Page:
Subscription Box Services: Three Lessons for 2018 

Author: Andria Cheng

December 27, 2017

The subscription box industry seemed to hit fever pitch in 2017, with offerings for seemingly every product category. Here are three things retailers should keep in mind when entering  the space. 

No. 1: Market Share Battle

As more players enter the subscription box space, the market is becoming even more fragmented. In January 2017, the top 10 subscription sites represented 67% of traffic to Hitwise’s custom study of sites. By contrast, the top 10 players in January 2015 represented 83% of total visits, according to John Fetto, senior analyst at Hitwise. And in yet another sign that it’s getting harder to stand out and sustain consumers’ initial box enthusiasm, industrywide subscription sites traffic also has slowed, including a 3% drop in September.


No. 2: Data, Data, Data

One of the thrills of getting a subscription box is essentially liking some—if not all—of the contents within it. In fact, there’s nothing more frustrating than getting a box of things you don’t want or need. To achieve that level of personalization, data is essential. Just look at Stitch Fix. The online personal stylist clothing box service has posted operating income in each of the past three years. The number of its active clients has jumped nearly 10 times to 2.19 million as of July 29, with a repeat rate of 86%. The secret sauce behind that growth? Stitch Fix’s team of some 3,400 mostly part-time stylists and its team of over 75 data scientists who together study more than 85 meaningful data points its customers willingly provide to come up with the best personalized box offerings.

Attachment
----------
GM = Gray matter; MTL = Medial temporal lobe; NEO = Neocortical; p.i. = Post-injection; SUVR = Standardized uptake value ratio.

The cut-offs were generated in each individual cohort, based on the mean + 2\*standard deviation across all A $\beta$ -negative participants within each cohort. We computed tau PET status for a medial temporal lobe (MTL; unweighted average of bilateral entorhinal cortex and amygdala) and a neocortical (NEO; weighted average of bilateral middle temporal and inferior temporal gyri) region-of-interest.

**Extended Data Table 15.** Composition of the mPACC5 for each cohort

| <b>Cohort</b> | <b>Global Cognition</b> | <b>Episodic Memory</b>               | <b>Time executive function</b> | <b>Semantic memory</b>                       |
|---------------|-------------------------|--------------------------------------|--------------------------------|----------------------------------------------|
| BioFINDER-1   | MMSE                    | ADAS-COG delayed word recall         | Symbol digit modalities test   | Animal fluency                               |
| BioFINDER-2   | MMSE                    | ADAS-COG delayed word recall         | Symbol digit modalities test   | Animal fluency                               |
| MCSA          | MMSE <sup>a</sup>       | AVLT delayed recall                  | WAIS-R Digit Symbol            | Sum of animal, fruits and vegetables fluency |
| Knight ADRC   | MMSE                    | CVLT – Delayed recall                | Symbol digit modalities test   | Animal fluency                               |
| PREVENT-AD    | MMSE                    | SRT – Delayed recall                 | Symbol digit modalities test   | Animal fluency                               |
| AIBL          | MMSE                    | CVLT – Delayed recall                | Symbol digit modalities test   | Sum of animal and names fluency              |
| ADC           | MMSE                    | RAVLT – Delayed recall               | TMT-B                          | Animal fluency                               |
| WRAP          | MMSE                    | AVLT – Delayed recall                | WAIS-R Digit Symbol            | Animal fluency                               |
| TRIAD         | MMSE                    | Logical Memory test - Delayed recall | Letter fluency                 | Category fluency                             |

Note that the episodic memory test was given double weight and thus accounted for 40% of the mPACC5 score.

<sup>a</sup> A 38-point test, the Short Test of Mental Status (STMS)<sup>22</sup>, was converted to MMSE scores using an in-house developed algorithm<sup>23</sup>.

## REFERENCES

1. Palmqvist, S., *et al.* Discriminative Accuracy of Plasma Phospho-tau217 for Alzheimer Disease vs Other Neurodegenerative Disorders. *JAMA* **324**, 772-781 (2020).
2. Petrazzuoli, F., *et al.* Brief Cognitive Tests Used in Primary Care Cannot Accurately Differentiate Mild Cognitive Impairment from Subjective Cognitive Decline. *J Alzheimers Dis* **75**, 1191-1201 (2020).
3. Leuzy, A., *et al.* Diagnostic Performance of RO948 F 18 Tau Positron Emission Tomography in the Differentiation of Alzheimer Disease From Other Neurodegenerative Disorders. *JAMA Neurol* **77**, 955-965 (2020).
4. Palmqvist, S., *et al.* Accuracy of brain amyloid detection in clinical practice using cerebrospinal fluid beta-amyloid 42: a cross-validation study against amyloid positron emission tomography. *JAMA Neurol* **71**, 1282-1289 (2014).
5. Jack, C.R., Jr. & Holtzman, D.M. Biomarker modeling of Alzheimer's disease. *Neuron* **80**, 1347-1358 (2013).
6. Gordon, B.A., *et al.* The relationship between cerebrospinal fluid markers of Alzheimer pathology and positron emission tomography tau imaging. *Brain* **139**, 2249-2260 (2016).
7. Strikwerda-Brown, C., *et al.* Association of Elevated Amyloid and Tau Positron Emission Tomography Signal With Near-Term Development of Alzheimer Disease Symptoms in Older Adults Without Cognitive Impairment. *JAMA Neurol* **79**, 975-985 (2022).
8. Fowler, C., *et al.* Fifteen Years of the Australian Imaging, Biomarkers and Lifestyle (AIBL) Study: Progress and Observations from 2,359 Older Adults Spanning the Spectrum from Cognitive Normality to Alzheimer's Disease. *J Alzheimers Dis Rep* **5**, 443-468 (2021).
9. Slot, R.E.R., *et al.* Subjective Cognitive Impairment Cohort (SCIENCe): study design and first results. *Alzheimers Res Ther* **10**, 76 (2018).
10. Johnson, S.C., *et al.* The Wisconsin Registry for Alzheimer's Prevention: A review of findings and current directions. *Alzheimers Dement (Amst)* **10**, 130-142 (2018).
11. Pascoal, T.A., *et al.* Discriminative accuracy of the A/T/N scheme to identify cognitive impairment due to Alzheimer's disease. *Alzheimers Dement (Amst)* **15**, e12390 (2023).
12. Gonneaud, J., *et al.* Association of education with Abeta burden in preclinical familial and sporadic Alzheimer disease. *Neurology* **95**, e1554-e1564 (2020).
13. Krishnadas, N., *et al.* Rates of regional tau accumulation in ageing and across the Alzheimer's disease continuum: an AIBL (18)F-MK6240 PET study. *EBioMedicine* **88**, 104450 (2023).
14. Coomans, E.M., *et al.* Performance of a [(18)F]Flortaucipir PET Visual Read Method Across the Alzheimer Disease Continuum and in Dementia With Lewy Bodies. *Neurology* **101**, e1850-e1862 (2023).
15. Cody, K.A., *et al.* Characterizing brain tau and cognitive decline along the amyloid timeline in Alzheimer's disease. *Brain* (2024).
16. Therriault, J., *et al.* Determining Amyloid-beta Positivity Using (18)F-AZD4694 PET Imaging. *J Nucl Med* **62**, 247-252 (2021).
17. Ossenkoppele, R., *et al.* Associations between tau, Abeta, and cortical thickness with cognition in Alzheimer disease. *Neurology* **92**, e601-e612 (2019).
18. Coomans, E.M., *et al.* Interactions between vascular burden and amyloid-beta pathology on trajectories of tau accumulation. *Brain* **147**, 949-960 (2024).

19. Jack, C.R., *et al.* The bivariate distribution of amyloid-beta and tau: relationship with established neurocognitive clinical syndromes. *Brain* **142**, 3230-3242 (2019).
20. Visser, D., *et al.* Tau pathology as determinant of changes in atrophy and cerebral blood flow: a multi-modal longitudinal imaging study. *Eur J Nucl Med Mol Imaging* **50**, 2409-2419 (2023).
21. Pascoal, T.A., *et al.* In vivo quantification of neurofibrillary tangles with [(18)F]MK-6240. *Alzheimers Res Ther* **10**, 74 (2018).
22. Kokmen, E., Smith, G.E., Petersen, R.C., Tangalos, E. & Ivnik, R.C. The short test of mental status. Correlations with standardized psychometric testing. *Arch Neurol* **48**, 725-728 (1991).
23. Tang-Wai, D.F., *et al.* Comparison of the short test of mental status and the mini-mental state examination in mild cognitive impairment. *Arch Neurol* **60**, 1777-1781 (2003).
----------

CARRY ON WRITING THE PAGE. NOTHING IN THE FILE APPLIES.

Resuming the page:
No. 3: A New Avenue

As many traditional brick-and-mortar retailers struggle with declining traffic and store closings, some brands have been expanding their own direct-to-consumer ecommerce sales. Recently, JCPenney—which is struggling amid a consumer shift away from mall shopping—teamed up with Bombfell, a men’s subscription box service, to offer curated boxes to its Big & Tall customers. Meanwhile, Hasbro Inc., maker of Monopoly and Cranium board games, became the first major toy company to enter the subscription box space and introduce its own game box. The move could not only help Hasbro increase sales—at a time when kids have many mobile gaming options—but also help the company lessen its dependence on the key holiday quarter.